DOJ and OIG will also assess the steps taken by the company to ensure that the compliance policies and procedures it has established are accessible to and understood by employees.

  • Compliance training is not a one time event — Many companies view compliance training as a one time per year obligation that can be satisfied by having all employees complete a single compliance training module. However, particularly in larger, more diversified companies, compliance training should be tailored to meet the needs of employees in different roles, and supervisors, key control employees and employees in high-risk positions should receive additional training on specific topics.

In addition, annual compliance training should not be the only time that employees hear about the compliance program. Companies should communicate with employees on an ongoing basis to ensure that all employees understand the importance of compliance, receive relevant substantive updates as needed, and know where to direct questions and concerns. And high-risk activities or evolving threats may require biannual or even quarterly training when appropriate.

  • Your CCO needs authority, autonomy and resources — Effective implementation of a compliance program requires that the employees charged with its oversight have sufficient authority within the organization, the necessary resources (primarily staffing) and independent access to the board of directors. Each factor is evaluated in the context of the company’s size, overall corporate structure, and type of business operations.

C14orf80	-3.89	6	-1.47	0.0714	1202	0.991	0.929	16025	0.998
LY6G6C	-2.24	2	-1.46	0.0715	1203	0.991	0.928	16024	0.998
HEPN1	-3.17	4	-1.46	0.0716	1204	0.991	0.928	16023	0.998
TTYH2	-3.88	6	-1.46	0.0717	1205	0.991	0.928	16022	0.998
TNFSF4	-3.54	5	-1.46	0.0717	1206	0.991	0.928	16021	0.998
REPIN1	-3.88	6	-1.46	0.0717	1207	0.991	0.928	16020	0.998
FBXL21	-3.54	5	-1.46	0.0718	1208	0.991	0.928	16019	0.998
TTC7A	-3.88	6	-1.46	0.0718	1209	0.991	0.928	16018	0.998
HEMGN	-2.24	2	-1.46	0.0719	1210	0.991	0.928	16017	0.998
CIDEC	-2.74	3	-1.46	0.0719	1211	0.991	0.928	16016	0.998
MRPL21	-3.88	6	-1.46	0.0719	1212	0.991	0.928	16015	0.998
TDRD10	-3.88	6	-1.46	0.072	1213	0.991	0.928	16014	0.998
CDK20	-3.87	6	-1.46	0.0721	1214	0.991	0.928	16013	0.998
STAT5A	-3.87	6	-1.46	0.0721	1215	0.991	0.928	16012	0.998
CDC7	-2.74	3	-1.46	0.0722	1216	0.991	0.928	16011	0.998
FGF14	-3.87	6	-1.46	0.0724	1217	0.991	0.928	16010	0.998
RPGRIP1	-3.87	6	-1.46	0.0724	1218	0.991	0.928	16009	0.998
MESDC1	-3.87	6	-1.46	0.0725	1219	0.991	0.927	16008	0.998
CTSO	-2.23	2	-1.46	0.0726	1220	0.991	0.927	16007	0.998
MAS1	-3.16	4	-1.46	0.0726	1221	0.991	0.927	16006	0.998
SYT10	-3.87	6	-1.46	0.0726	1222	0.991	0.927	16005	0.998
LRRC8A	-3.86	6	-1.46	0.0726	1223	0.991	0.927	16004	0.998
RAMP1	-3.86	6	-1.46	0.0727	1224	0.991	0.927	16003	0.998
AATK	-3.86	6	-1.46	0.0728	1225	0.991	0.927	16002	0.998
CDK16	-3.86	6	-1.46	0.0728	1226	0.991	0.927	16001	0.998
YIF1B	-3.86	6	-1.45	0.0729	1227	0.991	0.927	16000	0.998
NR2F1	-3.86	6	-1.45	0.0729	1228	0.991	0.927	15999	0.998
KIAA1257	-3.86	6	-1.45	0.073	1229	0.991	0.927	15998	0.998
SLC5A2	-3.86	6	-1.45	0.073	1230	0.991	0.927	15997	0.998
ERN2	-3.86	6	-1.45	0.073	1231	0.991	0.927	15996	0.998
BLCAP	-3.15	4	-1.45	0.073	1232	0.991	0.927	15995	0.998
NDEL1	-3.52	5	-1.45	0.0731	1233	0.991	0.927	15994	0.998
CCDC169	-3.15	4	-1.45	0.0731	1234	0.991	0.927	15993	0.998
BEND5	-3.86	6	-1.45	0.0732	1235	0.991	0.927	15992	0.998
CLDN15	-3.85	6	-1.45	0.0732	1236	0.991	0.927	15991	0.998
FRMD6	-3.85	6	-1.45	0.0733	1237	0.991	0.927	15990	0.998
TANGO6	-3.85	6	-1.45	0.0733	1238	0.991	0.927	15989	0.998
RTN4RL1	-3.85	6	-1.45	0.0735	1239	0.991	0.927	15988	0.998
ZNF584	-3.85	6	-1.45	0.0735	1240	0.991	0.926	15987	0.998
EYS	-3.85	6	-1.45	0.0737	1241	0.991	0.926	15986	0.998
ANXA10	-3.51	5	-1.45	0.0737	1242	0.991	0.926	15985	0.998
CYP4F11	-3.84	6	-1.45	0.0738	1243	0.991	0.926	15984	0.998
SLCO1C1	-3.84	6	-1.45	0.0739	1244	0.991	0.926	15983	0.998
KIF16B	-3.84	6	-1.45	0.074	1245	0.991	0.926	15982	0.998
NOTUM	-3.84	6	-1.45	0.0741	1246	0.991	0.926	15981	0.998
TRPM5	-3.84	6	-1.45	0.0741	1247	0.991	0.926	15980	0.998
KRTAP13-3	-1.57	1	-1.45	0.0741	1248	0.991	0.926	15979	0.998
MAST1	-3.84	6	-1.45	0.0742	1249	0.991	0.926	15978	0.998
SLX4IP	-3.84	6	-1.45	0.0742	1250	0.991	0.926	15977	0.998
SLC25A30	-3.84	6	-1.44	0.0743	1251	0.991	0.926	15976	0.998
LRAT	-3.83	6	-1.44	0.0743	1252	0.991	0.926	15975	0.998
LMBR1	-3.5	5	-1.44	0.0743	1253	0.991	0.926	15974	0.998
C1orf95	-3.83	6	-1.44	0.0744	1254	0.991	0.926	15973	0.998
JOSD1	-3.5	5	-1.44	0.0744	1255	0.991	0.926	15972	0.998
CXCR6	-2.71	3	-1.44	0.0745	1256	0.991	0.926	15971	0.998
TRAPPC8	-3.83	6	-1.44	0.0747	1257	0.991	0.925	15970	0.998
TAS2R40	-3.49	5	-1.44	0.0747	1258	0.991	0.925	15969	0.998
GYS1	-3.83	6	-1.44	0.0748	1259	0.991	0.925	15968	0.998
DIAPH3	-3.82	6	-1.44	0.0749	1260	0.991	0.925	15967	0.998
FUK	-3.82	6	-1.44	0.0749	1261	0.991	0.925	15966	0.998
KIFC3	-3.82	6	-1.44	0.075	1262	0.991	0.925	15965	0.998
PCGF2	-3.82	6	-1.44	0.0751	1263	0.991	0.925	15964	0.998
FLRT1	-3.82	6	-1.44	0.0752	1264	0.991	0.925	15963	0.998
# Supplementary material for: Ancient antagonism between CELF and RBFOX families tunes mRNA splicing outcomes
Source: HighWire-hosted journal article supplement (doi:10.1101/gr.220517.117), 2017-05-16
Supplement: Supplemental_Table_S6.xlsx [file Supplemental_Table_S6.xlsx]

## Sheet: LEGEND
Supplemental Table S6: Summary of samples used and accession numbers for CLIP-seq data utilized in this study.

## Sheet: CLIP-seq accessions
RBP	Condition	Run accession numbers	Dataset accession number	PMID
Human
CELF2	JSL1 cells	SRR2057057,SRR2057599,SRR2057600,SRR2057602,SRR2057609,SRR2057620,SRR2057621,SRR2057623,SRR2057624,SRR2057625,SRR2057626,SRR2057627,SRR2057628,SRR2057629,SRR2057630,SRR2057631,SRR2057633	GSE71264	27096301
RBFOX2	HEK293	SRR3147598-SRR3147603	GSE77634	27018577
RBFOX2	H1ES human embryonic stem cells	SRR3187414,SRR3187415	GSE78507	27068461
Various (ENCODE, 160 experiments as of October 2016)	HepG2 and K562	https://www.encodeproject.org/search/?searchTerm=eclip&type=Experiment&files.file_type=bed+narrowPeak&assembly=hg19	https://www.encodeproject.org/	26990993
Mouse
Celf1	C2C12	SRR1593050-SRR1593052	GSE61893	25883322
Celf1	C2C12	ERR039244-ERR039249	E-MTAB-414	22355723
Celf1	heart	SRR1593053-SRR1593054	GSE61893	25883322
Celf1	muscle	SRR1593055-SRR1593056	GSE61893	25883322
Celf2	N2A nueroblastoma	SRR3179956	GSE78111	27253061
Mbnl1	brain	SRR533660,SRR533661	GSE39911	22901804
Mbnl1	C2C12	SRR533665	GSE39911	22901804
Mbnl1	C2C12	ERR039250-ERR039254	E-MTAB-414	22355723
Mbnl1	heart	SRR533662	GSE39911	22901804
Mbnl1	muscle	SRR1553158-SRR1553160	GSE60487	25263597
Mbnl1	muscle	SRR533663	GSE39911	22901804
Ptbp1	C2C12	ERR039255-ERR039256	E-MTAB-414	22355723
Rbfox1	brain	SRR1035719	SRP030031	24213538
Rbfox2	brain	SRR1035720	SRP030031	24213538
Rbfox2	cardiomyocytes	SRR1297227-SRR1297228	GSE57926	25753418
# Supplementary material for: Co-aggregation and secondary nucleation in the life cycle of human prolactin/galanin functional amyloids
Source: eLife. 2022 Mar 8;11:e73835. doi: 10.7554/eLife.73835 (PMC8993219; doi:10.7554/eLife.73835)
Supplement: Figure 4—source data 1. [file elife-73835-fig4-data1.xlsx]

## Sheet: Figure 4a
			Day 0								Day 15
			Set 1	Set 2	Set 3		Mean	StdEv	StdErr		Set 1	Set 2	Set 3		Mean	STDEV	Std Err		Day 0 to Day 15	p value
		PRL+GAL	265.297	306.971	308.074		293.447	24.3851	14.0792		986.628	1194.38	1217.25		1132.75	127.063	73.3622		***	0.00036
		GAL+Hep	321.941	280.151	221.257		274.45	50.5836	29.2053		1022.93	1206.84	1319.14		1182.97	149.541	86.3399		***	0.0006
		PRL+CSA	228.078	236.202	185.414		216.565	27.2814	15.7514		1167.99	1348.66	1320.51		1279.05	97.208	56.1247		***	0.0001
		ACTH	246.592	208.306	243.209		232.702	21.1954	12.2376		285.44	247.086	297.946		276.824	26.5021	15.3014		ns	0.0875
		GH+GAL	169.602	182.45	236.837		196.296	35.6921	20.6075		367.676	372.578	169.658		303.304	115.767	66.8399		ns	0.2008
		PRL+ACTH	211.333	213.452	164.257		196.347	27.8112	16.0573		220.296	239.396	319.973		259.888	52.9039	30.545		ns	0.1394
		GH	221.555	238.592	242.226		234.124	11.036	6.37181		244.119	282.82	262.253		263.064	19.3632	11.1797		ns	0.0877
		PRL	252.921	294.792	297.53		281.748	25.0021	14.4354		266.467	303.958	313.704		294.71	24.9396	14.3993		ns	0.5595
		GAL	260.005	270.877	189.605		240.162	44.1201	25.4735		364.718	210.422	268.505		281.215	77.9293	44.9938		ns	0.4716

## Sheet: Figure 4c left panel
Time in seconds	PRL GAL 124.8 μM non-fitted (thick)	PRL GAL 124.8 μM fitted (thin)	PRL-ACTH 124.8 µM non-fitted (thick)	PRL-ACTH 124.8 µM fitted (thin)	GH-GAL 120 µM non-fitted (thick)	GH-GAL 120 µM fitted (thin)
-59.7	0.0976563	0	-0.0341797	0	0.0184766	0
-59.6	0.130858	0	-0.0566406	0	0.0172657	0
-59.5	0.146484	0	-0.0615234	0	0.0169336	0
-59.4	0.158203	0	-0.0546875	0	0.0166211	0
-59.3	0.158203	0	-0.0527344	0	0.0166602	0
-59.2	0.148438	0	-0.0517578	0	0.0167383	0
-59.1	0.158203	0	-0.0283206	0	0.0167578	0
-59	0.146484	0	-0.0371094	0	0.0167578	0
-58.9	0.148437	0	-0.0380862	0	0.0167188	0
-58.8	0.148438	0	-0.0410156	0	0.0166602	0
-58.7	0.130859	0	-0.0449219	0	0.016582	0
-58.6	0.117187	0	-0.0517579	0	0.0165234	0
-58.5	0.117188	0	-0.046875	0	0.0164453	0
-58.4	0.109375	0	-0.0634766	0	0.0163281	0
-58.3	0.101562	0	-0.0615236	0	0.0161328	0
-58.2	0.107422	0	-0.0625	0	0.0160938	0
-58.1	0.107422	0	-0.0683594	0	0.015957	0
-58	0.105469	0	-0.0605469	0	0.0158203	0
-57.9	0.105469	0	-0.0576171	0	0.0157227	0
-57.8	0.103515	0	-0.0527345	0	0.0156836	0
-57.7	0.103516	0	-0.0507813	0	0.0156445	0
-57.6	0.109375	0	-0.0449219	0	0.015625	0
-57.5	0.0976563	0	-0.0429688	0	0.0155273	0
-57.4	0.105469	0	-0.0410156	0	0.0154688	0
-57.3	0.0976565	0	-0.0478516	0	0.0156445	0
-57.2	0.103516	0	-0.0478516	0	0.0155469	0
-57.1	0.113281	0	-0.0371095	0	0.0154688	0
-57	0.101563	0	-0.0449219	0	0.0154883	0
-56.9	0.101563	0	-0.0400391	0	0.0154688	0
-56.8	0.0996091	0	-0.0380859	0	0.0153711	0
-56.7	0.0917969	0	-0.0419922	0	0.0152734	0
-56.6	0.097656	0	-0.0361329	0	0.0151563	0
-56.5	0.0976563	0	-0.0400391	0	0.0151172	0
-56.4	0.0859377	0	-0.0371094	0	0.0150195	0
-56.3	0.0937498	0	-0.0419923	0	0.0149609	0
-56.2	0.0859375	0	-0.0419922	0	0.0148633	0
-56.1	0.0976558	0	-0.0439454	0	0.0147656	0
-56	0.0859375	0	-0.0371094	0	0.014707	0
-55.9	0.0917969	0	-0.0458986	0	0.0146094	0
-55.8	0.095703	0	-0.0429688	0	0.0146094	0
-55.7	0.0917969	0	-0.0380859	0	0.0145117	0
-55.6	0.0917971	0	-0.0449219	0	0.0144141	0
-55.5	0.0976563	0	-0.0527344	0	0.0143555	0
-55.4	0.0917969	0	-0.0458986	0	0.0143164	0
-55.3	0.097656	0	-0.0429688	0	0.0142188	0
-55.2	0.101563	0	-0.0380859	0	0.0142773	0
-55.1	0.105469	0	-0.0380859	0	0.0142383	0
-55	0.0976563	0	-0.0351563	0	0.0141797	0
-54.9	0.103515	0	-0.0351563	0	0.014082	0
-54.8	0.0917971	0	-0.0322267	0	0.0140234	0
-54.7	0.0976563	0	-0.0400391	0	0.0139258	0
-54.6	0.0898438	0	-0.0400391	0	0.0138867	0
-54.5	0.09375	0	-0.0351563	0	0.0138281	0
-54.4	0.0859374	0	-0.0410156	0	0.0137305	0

OIG has historically taken the position that the compliance function generally should be separate from and independent of legal counsel. DOJ has indicated more flexibility with regard to how a compliance group is organized, but regardless, a company should be able to articulate the rationale for the way in which its compliance program is organized and should ensure that the compliance group is treated like other key strategic functions.

  • Employees need to trust your reporting and investigation processes — A well-designed and effective compliance program must have a mechanism that allows employees to report allegations of misconduct, including violations of legal requirements, the company’s code of conduct or company policy. The reporting process should be well publicized and accessible to all employees and should include confidential reporting options and protection for employees who submit complaints.

Corporate investigations are a critical component of a robust compliance program. DOJ and OIG will consider the steps the company has taken to ensure that allegations of misconduct are investigated in a manner that is independent, objective and appropriate.

  • Compliance starts at the top — A strong compliance program goes beyond objective factors like structure, policies and procedures. It is of critical importance that a company create a “culture” of ethics and compliance that permeates the organization.

Creating a culture of compliance requires a high-level commitment by senior corporate leadership. DOJ and OIG refer to this commitment as “tone at the top” and, when evaluating a compliance program, will evaluate the extent to which the board of directors and senior corporate executives have clearly articulated the company’s ethical standards; unambiguously conveyed the standards to employees and vendors; and demonstrated rigorous adherence to the standards in their own actions.

The culture also depends on the interactions between middle managers and employees, as middle management help direct the connection between compliance and an employee’s daily responsibilities.